A surprising number of flowers are blooming trailside at Buggytop Cave in South Cumberland State Park. Here’s Hypericum frondosum, a woody St. Johnswort, along with a couple of yellow composites — starry rosinweed, Silphium asteriscus, and prairie coneflower, Ratibida pinnata. The Hypericum, with its large central pistil, is easy to tell apart from the others. This deciduous shrub, sometimes called cedar-glade St. Johnswort or Sunburst, is not known for its medicinal properties. That one, H. perforatum, does have recognized anti-depressant properties.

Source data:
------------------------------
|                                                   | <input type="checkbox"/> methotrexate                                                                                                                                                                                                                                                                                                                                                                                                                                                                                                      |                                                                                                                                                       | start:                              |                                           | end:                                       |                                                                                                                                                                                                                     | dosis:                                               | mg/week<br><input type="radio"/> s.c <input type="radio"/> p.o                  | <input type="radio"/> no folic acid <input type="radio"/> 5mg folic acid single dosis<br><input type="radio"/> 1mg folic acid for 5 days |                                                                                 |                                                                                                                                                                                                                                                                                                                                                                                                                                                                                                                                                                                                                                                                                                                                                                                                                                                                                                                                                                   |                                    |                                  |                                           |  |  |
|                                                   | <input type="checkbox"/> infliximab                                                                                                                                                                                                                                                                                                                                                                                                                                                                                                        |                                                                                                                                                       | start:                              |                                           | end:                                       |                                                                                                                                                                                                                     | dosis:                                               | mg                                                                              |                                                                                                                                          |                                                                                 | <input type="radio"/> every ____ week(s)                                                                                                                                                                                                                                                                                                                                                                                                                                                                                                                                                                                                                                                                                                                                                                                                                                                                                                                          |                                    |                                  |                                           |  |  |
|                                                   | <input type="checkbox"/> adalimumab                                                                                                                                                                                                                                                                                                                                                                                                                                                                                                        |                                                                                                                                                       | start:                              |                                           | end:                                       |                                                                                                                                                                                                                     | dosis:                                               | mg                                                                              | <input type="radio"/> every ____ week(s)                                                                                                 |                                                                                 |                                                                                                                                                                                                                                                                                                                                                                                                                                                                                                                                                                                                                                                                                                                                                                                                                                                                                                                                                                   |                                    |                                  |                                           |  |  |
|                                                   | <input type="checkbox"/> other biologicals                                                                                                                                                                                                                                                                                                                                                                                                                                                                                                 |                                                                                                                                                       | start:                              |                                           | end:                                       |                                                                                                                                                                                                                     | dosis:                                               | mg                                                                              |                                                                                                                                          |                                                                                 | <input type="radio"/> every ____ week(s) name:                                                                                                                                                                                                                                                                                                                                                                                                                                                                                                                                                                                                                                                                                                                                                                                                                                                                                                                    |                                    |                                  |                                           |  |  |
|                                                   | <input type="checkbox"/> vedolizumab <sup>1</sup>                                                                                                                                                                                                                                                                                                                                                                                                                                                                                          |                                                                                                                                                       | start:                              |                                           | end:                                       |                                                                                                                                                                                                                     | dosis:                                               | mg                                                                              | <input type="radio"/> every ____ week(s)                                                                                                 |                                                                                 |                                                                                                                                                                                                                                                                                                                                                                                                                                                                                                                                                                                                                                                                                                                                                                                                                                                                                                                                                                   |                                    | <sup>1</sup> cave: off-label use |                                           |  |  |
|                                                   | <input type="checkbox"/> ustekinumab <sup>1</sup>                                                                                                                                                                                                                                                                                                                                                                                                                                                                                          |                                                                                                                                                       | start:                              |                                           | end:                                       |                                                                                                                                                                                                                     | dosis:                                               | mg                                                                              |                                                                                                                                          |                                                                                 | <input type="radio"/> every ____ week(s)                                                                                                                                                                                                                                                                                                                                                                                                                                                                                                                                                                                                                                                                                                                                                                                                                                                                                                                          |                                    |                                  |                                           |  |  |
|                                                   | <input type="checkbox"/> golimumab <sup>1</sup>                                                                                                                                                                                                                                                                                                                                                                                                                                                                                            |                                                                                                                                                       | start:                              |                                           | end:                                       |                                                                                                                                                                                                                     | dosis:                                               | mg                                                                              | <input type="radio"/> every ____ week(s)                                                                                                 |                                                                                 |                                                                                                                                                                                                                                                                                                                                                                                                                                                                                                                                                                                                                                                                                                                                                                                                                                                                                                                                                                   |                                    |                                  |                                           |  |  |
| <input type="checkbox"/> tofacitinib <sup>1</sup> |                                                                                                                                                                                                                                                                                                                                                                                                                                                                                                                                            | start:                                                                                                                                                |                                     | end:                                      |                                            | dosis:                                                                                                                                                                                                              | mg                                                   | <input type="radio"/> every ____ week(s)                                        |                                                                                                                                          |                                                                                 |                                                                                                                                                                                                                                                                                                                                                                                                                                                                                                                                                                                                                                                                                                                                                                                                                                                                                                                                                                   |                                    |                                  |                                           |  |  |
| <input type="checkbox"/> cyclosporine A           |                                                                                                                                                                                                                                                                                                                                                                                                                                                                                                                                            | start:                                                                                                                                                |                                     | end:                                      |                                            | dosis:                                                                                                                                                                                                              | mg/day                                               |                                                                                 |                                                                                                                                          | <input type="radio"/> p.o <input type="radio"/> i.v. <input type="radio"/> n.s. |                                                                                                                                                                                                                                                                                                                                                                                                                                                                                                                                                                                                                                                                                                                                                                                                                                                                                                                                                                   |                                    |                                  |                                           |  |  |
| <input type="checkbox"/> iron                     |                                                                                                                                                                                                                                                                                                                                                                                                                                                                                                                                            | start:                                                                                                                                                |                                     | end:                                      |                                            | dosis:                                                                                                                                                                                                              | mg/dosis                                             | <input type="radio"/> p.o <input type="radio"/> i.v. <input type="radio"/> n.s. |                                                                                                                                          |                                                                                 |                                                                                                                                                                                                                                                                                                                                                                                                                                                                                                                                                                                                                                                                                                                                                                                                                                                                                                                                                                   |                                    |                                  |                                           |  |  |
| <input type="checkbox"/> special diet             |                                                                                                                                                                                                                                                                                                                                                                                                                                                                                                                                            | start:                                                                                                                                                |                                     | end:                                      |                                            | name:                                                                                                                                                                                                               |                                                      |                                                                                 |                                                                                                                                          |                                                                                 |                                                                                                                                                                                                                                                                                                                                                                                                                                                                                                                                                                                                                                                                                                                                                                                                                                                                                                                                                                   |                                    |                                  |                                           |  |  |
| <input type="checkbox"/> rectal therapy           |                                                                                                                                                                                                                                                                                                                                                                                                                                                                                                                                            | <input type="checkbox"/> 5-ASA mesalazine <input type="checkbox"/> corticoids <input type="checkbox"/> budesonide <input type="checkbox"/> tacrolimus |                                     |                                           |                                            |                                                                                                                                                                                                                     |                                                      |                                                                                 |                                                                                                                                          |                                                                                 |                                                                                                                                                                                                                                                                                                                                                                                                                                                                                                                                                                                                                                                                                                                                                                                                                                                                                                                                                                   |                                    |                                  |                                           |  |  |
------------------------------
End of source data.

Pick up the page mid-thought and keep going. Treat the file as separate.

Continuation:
Now to discriminate between the other two. A side view of the Silphium would reveal the flattened involucral bracts that are characteristic of the rosin weeds, and the reflexed rays, domed receptacle, and deeply divided leaves of the prairie coneflower spell “Ratibida.” This early in the season, I have the leisure to get a handle on identifying what are not-so-fondly referred to as DYC’s (darn yellow composites), but come late summer there will be so many in bloom that I’ll have to work hard to name the different ones.